In their Science article, the authors describe the assessment of sea turtle populations as a microcosm of the larger issue. Sea turtle populations are monitored almost exclusively by counting nests on beaches, but when those populations increase or decrease, scientists often don't know why because nesting females are such a tiny fraction of the total population. In Florida, the number of loggerhead turtles, for example, increased from 1989-98, then plummeted.
Several factors could have contributed, but a lack of knowledge about age distribution, reproduction rates, mortality rates and other data have made it difficult to determine what triggered the changes and impossible to create management strategies to deal with them, noted Heppell, who has worked with the National Marine Fisheries Service on turtle conservation issues since 1995.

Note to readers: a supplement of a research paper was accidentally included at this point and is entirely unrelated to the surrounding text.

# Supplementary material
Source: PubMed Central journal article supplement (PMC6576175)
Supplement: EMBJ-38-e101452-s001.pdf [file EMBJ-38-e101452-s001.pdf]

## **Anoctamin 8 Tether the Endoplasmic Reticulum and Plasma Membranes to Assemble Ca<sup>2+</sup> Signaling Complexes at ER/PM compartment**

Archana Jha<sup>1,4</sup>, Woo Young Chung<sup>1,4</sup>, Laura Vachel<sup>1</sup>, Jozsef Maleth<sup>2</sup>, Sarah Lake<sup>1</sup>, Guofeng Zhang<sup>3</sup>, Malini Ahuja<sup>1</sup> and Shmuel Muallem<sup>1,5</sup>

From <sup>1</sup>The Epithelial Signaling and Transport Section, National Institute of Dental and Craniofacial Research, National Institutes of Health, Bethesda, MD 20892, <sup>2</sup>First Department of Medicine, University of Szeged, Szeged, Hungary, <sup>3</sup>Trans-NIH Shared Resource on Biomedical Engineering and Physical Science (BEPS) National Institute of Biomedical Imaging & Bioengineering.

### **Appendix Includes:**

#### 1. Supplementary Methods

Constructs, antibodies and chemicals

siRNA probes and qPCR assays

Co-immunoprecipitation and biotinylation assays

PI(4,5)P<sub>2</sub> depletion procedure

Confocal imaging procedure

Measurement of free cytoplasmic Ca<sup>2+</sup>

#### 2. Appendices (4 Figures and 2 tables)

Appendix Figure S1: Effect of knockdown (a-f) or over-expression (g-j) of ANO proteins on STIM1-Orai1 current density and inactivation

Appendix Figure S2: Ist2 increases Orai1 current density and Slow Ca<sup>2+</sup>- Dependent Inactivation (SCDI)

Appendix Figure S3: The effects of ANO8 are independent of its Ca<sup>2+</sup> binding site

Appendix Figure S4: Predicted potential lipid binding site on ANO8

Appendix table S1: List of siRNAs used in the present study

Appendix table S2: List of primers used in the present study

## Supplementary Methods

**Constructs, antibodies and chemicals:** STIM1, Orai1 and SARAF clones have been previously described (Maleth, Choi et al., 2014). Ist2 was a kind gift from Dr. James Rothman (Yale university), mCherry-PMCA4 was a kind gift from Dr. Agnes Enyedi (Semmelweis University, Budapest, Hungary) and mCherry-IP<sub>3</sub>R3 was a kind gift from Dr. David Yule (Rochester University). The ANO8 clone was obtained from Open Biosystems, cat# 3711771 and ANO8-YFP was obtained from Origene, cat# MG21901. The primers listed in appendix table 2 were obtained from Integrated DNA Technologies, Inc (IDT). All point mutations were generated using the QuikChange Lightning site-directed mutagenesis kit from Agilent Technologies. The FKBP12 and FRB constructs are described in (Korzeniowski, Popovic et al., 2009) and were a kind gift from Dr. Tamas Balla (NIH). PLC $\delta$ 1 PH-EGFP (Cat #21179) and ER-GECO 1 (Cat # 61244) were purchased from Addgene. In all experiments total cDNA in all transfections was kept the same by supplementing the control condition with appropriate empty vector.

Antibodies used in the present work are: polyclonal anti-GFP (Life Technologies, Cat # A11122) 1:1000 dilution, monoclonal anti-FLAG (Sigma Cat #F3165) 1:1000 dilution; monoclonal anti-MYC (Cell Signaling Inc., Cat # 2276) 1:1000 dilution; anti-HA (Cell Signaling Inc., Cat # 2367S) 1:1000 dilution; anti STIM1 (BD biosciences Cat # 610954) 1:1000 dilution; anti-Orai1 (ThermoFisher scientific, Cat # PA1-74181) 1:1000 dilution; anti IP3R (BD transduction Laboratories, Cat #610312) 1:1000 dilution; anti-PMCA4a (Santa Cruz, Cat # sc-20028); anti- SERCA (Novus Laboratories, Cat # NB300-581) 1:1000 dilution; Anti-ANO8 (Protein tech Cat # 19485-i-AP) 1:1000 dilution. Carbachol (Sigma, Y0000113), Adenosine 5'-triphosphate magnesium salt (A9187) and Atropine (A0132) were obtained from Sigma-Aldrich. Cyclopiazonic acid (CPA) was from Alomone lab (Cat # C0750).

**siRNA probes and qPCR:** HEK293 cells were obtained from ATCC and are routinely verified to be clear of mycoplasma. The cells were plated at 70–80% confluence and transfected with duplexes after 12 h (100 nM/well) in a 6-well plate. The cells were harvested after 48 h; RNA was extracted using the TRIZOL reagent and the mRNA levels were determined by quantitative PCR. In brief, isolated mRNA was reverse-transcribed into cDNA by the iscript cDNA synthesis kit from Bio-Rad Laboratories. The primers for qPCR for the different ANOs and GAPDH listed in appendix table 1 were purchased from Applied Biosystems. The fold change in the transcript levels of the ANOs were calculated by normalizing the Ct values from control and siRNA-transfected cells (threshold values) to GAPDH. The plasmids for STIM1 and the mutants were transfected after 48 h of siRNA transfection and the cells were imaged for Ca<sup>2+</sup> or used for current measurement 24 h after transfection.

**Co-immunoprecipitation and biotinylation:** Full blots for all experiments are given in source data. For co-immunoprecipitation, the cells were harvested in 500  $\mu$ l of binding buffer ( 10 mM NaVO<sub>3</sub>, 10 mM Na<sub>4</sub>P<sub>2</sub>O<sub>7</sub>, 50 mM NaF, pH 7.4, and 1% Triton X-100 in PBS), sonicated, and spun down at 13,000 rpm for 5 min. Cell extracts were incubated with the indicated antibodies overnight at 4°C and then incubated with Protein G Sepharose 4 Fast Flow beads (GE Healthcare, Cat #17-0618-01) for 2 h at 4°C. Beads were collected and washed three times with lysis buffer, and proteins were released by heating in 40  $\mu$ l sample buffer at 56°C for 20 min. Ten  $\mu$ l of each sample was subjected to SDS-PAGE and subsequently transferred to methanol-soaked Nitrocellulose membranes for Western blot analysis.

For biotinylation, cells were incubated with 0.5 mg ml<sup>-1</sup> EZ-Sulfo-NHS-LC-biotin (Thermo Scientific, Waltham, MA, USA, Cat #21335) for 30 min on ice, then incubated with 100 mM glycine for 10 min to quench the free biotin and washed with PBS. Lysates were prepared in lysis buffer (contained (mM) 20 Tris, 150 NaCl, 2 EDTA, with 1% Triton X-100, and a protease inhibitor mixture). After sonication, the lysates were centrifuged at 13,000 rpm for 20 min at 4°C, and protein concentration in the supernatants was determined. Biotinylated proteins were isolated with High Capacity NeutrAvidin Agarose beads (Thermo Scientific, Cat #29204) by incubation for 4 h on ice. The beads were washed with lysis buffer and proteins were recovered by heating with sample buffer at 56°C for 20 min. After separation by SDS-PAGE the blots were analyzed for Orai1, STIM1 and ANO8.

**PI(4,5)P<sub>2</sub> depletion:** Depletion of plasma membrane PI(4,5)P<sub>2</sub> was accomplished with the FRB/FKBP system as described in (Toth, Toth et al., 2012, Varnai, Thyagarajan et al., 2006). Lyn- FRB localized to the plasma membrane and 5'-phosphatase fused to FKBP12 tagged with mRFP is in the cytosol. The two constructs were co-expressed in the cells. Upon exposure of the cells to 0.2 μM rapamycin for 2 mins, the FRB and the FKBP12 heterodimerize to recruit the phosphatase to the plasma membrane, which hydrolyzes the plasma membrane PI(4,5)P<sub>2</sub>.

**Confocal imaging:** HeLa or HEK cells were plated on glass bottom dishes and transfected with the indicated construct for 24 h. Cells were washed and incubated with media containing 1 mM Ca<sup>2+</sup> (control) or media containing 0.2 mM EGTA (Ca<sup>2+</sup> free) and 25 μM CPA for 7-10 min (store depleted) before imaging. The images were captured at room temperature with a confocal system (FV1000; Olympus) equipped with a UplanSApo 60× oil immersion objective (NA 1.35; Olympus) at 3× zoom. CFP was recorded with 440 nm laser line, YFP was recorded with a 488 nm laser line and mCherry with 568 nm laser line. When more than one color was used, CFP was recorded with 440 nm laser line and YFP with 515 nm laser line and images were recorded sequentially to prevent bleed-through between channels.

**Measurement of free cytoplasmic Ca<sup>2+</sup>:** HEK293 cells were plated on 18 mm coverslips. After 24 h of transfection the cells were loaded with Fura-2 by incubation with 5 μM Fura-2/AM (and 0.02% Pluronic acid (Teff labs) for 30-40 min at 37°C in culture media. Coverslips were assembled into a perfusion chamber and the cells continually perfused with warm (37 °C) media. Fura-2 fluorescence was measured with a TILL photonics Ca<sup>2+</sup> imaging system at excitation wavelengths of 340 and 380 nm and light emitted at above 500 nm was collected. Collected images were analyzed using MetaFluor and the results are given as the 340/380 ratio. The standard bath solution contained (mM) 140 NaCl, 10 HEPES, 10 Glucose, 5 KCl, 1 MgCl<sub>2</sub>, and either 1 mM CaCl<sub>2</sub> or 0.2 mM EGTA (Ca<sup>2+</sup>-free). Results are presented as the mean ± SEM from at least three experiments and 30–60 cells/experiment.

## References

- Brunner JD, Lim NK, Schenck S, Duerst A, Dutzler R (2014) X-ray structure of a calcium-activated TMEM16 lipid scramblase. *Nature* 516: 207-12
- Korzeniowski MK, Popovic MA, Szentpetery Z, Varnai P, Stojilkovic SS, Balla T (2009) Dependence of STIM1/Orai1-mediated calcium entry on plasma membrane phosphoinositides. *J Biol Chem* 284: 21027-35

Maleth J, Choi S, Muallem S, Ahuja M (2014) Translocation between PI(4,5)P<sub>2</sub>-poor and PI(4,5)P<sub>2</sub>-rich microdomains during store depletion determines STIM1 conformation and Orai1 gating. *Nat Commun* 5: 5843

In contrast, Australian researchers have logged 30 years of demographic data on loggerhead turtles and when a steep decline in their population on the Great Barrier Reef took place in the 1980s and 1990s, they were able to attribute it to predation by foxes on nests and incidental capture in trawl fisheries.
"Both hazards have now been mitigated by government agencies," the authors wrote," resulting in an apparently recovering stock."
The authors list seven elements that should be considered in crafting new research priorities for protected marine species, including sea birds and mammals, as well as turtles:
|Contact: Selina Heppell|
Oregon State University